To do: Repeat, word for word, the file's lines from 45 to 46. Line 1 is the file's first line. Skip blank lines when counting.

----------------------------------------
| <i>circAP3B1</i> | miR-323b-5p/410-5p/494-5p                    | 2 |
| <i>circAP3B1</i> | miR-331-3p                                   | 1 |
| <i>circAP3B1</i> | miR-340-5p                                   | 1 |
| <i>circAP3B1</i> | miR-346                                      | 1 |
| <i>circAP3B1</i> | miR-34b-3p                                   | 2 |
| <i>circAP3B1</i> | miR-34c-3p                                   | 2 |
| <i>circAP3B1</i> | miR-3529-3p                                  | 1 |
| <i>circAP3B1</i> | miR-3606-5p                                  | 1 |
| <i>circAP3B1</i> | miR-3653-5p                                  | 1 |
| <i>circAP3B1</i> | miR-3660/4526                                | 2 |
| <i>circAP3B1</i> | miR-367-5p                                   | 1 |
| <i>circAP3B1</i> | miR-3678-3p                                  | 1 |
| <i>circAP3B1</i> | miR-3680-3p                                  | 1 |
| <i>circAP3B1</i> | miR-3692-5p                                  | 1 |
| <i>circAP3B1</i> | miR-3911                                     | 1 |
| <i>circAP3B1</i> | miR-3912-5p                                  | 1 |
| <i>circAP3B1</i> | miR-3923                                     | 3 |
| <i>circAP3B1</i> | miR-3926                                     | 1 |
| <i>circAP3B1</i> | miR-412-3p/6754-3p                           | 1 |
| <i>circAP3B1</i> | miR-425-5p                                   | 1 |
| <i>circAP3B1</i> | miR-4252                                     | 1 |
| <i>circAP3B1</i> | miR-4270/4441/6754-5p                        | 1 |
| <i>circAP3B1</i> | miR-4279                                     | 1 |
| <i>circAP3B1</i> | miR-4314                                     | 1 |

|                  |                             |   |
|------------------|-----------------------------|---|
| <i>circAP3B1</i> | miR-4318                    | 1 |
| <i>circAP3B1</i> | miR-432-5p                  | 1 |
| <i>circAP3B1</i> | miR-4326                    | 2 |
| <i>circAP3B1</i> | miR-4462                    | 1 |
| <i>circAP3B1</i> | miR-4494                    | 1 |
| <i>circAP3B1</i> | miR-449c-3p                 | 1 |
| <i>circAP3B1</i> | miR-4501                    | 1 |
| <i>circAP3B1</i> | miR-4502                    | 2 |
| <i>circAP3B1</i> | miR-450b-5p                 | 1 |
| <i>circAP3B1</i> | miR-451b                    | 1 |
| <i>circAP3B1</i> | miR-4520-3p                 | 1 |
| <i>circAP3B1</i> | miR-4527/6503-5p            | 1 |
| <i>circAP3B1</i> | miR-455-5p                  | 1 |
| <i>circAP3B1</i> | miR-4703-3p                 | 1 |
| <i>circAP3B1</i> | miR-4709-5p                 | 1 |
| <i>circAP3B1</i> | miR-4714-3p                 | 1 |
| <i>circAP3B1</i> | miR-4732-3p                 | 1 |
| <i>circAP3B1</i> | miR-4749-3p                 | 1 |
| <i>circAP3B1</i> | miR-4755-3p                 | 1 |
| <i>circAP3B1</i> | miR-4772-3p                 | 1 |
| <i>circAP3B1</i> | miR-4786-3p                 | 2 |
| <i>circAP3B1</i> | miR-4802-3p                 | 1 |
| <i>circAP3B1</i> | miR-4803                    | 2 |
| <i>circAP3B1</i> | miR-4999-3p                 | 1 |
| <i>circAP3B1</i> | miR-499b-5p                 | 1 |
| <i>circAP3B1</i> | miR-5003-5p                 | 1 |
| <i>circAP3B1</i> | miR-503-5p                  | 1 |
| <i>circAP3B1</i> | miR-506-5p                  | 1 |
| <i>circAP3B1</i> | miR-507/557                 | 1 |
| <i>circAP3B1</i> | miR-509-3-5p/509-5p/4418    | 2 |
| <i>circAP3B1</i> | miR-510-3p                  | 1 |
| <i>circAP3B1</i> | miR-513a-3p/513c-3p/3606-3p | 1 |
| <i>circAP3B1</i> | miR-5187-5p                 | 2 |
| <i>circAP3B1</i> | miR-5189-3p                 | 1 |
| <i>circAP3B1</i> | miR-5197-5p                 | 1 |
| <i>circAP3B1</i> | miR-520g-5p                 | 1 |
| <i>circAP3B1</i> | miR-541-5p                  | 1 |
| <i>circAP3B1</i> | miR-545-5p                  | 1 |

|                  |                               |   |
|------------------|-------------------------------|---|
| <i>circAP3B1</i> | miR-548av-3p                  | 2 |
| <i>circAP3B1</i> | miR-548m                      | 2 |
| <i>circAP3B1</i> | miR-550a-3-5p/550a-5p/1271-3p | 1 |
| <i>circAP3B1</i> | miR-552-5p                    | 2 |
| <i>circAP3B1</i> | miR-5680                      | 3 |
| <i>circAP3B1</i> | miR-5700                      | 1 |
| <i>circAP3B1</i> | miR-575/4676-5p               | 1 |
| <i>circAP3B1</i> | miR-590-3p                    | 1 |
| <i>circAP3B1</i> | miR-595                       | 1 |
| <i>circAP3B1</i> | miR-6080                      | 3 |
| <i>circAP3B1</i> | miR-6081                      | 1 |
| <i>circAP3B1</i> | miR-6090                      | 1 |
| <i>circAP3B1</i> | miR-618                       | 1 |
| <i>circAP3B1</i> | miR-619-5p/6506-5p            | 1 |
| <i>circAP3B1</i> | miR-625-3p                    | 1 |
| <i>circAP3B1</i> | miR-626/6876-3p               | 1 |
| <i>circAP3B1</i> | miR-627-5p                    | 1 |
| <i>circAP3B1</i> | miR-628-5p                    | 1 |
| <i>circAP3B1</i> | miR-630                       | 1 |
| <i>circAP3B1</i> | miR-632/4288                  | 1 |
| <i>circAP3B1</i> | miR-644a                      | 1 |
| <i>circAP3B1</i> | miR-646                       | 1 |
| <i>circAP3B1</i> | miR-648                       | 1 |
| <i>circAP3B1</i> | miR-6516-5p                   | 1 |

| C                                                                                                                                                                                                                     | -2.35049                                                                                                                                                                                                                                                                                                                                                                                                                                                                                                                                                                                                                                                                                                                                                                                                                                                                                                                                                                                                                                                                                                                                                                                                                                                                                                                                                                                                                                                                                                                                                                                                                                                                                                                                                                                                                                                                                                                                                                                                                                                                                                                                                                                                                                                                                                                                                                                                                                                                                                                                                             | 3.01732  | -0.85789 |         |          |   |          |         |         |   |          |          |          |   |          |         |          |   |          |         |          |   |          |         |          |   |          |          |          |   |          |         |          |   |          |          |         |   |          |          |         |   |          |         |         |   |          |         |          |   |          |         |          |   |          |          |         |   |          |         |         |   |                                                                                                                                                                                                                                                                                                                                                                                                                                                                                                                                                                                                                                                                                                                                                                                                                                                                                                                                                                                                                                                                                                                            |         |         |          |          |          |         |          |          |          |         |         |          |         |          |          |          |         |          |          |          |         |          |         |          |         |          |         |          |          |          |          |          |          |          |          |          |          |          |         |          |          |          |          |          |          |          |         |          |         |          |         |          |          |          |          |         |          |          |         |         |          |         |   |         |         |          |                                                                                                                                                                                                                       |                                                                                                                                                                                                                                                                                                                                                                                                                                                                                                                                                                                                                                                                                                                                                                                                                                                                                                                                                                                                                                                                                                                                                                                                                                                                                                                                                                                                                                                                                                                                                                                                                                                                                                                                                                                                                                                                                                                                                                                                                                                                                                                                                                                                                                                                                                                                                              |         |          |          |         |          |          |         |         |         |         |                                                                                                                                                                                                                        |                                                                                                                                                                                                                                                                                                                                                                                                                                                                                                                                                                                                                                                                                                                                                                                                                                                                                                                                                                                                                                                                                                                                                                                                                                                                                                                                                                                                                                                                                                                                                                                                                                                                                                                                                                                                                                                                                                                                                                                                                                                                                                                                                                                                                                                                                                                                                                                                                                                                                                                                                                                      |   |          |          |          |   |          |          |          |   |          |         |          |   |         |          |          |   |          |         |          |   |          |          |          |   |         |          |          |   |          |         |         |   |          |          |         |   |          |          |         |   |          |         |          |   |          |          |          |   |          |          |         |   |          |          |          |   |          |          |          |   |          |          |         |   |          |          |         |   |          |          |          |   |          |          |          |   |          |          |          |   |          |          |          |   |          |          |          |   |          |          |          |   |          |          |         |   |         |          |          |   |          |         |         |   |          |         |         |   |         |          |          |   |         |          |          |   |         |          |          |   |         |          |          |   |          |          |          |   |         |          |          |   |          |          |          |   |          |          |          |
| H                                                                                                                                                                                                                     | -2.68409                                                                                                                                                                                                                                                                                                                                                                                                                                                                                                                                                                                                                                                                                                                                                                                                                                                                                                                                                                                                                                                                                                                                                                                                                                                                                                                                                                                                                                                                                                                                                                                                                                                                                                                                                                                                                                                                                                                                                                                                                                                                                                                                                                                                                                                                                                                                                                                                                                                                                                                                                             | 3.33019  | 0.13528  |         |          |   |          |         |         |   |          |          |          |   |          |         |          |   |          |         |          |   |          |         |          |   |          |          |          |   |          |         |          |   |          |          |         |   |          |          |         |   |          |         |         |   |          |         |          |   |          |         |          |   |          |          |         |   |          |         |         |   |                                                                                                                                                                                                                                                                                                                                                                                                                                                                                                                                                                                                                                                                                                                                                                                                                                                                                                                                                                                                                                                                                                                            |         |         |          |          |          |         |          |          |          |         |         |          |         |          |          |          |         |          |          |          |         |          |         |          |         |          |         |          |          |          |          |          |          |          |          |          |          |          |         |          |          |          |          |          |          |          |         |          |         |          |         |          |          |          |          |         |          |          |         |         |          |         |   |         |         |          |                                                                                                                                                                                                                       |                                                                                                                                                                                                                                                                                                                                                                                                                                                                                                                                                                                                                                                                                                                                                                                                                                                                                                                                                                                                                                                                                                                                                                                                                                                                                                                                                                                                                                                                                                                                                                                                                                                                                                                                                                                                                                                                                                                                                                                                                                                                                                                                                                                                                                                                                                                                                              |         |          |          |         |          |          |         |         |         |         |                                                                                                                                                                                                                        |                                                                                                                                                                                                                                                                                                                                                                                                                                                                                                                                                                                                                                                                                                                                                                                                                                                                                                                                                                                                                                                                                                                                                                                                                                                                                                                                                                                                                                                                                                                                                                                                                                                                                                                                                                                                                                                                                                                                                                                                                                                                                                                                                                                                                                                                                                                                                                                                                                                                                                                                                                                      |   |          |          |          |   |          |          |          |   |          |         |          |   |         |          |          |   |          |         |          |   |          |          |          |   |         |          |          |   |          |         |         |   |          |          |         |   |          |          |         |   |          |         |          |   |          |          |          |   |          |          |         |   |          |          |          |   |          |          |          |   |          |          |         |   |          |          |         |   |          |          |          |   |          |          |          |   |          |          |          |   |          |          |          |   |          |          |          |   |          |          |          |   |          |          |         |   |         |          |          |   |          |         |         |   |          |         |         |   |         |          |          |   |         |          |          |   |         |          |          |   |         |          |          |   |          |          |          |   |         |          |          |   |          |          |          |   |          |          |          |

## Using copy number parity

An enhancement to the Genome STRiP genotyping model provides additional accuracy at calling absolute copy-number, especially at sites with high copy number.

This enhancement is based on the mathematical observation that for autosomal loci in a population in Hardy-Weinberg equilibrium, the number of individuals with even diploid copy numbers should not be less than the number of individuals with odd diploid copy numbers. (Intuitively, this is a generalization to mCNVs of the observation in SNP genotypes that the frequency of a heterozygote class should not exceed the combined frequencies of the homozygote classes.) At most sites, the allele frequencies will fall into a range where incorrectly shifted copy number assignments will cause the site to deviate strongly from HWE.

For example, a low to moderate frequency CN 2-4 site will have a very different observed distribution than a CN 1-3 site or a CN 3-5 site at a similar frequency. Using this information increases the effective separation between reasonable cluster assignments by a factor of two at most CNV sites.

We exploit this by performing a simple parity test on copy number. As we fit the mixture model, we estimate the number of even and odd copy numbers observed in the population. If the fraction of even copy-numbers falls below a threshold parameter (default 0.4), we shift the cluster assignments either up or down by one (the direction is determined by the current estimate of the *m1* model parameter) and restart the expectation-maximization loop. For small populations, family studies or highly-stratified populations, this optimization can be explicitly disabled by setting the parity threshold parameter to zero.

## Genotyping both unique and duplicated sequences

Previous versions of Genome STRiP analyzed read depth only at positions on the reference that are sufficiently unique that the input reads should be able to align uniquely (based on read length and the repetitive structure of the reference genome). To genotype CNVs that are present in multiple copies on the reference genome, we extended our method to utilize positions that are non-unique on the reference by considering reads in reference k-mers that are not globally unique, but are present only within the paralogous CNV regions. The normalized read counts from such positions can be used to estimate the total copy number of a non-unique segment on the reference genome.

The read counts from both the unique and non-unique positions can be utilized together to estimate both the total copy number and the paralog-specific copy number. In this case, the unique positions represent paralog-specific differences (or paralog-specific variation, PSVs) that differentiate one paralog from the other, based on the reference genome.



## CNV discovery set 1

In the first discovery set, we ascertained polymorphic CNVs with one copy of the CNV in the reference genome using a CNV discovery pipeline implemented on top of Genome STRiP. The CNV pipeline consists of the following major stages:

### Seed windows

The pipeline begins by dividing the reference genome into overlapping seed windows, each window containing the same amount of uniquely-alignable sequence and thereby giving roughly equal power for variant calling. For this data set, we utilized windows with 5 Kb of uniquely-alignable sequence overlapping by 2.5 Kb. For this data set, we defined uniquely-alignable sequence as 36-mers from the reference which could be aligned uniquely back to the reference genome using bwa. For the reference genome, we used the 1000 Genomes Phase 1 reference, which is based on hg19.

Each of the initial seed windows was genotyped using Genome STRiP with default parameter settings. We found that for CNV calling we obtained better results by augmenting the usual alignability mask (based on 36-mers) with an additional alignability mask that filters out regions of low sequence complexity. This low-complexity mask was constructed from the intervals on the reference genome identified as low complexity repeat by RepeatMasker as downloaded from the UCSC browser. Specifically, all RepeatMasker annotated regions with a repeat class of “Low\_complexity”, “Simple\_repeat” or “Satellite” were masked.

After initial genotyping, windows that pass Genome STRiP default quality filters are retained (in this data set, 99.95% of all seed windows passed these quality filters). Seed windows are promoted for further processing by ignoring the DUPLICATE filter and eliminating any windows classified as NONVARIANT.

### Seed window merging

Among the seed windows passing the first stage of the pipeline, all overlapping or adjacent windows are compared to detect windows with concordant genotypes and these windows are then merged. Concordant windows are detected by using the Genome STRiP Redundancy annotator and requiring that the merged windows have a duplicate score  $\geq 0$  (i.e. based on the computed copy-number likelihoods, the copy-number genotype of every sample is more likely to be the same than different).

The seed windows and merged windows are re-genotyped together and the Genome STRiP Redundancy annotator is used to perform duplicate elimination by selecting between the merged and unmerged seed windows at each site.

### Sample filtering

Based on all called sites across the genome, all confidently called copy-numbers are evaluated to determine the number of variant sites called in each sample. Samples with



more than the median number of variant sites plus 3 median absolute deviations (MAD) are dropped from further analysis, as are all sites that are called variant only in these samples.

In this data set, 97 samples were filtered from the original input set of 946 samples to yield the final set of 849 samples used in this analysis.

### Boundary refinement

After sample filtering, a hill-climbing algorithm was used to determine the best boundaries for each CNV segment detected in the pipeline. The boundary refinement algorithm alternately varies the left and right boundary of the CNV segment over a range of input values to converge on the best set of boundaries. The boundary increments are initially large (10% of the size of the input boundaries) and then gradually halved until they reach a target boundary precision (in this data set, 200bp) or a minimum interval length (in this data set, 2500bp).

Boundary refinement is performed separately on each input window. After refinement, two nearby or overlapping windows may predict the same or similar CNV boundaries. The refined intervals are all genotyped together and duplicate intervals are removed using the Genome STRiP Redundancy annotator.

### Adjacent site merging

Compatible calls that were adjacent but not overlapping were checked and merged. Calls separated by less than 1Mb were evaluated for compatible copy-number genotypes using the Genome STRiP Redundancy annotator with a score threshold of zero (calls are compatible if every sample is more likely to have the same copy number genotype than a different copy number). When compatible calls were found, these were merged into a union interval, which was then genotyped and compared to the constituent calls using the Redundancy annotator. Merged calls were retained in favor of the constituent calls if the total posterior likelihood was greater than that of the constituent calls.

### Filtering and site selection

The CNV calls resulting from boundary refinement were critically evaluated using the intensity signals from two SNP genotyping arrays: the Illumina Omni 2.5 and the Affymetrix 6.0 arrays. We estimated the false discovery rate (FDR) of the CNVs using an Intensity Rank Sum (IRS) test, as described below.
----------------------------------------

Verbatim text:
| <i>circAP3B1</i> | miR-4755-3p                 | 1 |
| <i>circAP3B1</i> | miR-4772-3p                 | 1 |